.
    In an afterthought, all the people of the world have the Catholic Church as their own, and are free to enjoy the Vatican treasures and Pope Francis.

  3. There are a lot of similarities with Obama’s rise to the presidency, insofar as reasonable inquiry into Obama’s ideological history was stifled by the press because it might be misunderstood by the people, and the people might draw the wrong conclusions about the future predicted by Obama’s past and wrongfully resist his fundamental transformation of America.

  4. Mary De Voe wrote, ““Nice programs”, unless funded out of Pope Francis’ private money, cannot be supported by anyone else”

    That is not how the Church has traditionally operated.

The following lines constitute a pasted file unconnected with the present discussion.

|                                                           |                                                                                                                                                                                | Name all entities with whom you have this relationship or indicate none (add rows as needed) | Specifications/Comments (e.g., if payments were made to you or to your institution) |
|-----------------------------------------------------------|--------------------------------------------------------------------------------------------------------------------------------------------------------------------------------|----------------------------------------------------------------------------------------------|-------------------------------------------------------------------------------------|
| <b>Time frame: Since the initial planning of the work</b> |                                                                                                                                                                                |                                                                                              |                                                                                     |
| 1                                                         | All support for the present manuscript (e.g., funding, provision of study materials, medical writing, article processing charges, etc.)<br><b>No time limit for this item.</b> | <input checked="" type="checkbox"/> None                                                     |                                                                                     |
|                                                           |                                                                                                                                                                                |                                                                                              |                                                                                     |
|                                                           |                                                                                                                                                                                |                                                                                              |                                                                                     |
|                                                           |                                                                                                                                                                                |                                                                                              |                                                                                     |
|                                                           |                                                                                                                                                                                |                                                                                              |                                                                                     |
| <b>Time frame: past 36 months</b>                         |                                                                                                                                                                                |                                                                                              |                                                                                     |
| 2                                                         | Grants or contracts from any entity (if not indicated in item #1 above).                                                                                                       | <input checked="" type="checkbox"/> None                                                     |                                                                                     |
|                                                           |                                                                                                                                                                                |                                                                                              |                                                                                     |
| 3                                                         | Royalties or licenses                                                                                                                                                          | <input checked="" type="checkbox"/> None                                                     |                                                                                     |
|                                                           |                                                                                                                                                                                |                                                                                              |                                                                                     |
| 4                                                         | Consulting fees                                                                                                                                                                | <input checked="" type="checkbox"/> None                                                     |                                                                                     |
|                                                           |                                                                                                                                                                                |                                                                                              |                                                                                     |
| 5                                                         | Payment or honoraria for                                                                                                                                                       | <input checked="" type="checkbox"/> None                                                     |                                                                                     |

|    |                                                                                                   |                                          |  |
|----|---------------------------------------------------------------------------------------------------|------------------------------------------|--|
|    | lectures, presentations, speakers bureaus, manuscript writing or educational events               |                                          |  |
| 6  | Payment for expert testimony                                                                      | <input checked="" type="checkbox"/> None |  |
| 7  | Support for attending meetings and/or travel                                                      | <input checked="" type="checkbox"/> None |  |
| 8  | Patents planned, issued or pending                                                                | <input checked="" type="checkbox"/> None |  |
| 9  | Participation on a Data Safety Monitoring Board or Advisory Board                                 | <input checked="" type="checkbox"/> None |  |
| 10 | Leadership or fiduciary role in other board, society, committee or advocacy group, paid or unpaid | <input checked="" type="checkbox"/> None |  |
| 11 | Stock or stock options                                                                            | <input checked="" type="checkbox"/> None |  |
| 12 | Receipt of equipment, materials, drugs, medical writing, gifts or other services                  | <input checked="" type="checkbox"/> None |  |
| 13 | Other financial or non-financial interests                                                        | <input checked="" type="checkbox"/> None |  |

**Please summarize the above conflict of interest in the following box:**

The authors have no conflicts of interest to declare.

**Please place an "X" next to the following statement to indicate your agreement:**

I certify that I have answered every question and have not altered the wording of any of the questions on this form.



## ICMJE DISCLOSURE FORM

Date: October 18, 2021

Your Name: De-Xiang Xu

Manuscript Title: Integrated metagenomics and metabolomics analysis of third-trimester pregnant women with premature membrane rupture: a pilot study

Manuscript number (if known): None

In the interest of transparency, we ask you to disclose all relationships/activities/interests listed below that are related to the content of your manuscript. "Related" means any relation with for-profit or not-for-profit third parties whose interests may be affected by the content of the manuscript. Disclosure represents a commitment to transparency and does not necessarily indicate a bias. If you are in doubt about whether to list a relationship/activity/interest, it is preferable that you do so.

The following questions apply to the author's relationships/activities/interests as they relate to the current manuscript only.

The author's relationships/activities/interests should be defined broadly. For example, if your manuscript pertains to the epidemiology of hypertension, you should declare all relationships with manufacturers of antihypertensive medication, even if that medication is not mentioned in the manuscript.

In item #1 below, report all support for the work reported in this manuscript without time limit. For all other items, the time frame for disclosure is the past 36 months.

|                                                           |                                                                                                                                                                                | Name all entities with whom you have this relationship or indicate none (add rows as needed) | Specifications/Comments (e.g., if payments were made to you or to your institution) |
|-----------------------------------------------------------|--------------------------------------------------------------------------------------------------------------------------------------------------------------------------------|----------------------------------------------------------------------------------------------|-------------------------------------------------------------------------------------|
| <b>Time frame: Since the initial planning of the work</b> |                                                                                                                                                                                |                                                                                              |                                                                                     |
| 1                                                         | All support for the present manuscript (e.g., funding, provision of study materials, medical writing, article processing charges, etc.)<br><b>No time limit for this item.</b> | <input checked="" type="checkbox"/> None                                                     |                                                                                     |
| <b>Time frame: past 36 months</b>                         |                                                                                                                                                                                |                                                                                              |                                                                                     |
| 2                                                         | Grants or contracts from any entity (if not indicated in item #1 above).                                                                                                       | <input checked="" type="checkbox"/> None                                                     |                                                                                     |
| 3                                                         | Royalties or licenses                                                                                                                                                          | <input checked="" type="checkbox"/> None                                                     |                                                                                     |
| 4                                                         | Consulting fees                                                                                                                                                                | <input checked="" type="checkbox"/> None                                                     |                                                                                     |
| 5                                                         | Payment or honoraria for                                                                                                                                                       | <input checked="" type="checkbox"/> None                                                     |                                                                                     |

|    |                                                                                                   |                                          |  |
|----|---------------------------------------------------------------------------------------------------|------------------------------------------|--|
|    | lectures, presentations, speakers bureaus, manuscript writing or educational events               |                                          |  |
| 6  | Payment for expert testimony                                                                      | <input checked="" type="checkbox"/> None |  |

To begin with an ordinance of Charlemagne, as King of the Franks, in a general assembly of his Estates, spiritual and temporal, in 778-779 – “Concerning tithes, it is ordained that every man give his tithe, and that they be dispensed according to the bishop’s commandment.” A Capitular for Saxony in 789 appointed tithes to be paid out of all public property, and that all men, “whether noble, or gentle, or of lower degree, should give according to God’s commandment, to the churches and priests, of their substance and labour : as God has given to each Christian, so ought he to repay a part to God.” A Capitular of 800 made the payment of tithes universal within the fiscal domain of the whole Frankish kingdom. Pope Leo III and the assembled bishops greeted this enactment with loud and repeated cries of “Life and victory to our ever-august Emperor!”